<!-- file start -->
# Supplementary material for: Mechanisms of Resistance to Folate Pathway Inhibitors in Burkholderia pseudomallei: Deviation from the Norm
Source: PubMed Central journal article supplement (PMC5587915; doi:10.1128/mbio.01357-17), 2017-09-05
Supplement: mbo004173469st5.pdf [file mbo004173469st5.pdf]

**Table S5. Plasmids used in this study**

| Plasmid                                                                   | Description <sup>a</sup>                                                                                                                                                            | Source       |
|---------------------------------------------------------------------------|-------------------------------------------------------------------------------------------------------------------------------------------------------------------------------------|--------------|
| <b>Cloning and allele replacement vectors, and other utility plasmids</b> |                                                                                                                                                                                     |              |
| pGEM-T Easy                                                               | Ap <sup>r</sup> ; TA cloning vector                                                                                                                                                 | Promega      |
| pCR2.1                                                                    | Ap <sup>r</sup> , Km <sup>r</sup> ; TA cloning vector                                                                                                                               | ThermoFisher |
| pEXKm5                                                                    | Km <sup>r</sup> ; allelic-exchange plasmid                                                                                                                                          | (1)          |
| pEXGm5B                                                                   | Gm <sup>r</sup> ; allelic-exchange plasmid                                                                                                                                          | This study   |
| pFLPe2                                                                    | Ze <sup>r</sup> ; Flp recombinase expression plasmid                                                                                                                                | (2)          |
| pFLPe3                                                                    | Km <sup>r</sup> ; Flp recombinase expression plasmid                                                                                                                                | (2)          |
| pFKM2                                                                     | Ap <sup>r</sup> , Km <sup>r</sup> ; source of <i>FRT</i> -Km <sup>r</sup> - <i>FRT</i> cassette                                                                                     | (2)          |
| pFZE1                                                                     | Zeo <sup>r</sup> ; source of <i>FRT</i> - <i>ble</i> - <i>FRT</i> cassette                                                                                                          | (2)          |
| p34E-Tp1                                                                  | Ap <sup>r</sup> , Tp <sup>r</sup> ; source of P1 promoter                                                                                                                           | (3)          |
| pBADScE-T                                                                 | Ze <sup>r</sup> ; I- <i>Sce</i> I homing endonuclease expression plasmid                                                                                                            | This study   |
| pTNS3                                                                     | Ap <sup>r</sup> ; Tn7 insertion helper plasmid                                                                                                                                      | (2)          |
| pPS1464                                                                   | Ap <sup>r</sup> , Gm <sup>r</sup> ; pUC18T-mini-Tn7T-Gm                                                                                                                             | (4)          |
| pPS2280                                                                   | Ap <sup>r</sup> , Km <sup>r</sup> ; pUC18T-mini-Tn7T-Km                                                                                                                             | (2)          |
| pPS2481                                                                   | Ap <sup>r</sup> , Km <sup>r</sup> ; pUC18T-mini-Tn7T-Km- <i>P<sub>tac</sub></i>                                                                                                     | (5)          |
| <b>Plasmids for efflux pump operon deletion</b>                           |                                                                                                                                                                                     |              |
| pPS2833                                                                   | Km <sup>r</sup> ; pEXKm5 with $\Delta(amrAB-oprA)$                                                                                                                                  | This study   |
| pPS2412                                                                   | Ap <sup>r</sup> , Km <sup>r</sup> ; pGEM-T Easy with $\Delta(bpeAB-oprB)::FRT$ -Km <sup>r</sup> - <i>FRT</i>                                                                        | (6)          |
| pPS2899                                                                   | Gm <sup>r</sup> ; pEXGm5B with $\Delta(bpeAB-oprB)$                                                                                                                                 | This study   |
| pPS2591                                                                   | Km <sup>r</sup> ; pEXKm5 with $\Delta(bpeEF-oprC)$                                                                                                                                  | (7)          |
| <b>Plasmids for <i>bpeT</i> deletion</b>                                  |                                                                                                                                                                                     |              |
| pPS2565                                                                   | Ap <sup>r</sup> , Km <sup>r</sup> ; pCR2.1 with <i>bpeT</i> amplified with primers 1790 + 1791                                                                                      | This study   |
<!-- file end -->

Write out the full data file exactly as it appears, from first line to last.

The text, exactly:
# Supplementary material for: Mechanisms of Resistance to Folate Pathway Inhibitors in Burkholderia pseudomallei: Deviation from the Norm
Source: PubMed Central journal article supplement (PMC5587915; doi:10.1128/mbio.01357-17), 2017-09-05
Supplement: mbo004173469st5.pdf [file mbo004173469st5.pdf]

**Table S5. Plasmids used in this study**

| Plasmid                                                                   | Description <sup>a</sup>                                                                                                                                                            | Source       |
|---------------------------------------------------------------------------|-------------------------------------------------------------------------------------------------------------------------------------------------------------------------------------|--------------|
| <b>Cloning and allele replacement vectors, and other utility plasmids</b> |                                                                                                                                                                                     |              |
| pGEM-T Easy                                                               | Ap <sup>r</sup> ; TA cloning vector                                                                                                                                                 | Promega      |
| pCR2.1                                                                    | Ap <sup>r</sup> , Km <sup>r</sup> ; TA cloning vector                                                                                                                               | ThermoFisher |
| pEXKm5                                                                    | Km <sup>r</sup> ; allelic-exchange plasmid                                                                                                                                          | (1)          |
| pEXGm5B                                                                   | Gm <sup>r</sup> ; allelic-exchange plasmid                                                                                                                                          | This study   |
| pFLPe2                                                                    | Ze <sup>r</sup> ; Flp recombinase expression plasmid                                                                                                                                | (2)          |
| pFLPe3                                                                    | Km <sup>r</sup> ; Flp recombinase expression plasmid                                                                                                                                | (2)          |
| pFKM2                                                                     | Ap <sup>r</sup> , Km <sup>r</sup> ; source of <i>FRT</i> -Km <sup>r</sup> - <i>FRT</i> cassette                                                                                     | (2)          |
| pFZE1                                                                     | Zeo <sup>r</sup> ; source of <i>FRT</i> - <i>ble</i> - <i>FRT</i> cassette                                                                                                          | (2)          |
| p34E-Tp1                                                                  | Ap <sup>r</sup> , Tp <sup>r</sup> ; source of P1 promoter                                                                                                                           | (3)          |
| pBADScE-T                                                                 | Ze <sup>r</sup> ; I- <i>Sce</i> I homing endonuclease expression plasmid                                                                                                            | This study   |
| pTNS3                                                                     | Ap <sup>r</sup> ; Tn7 insertion helper plasmid                                                                                                                                      | (2)          |
| pPS1464                                                                   | Ap <sup>r</sup> , Gm <sup>r</sup> ; pUC18T-mini-Tn7T-Gm                                                                                                                             | (4)          |
| pPS2280                                                                   | Ap <sup>r</sup> , Km <sup>r</sup> ; pUC18T-mini-Tn7T-Km                                                                                                                             | (2)          |
| pPS2481                                                                   | Ap <sup>r</sup> , Km <sup>r</sup> ; pUC18T-mini-Tn7T-Km- <i>P<sub>tac</sub></i>                                                                                                     | (5)          |
| <b>Plasmids for efflux pump operon deletion</b>                           |                                                                                                                                                                                     |              |
| pPS2833                                                                   | Km <sup>r</sup> ; pEXKm5 with $\Delta(amrAB-oprA)$                                                                                                                                  | This study   |
| pPS2412                                                                   | Ap <sup>r</sup> , Km <sup>r</sup> ; pGEM-T Easy with $\Delta(bpeAB-oprB)::FRT$ -Km <sup>r</sup> - <i>FRT</i>                                                                        | (6)          |
| pPS2899                                                                   | Gm <sup>r</sup> ; pEXGm5B with $\Delta(bpeAB-oprB)$                                                                                                                                 | This study   |
| pPS2591                                                                   | Km <sup>r</sup> ; pEXKm5 with $\Delta(bpeEF-oprC)$                                                                                                                                  | (7)          |
| <b>Plasmids for <i>bpeT</i> deletion</b>                                  |                                                                                                                                                                                     |              |
| pPS2565                                                                   | Ap <sup>r</sup> , Km <sup>r</sup> ; pCR2.1 with <i>bpeT</i> amplified with primers 1790 + 1791                                                                                      | This study   |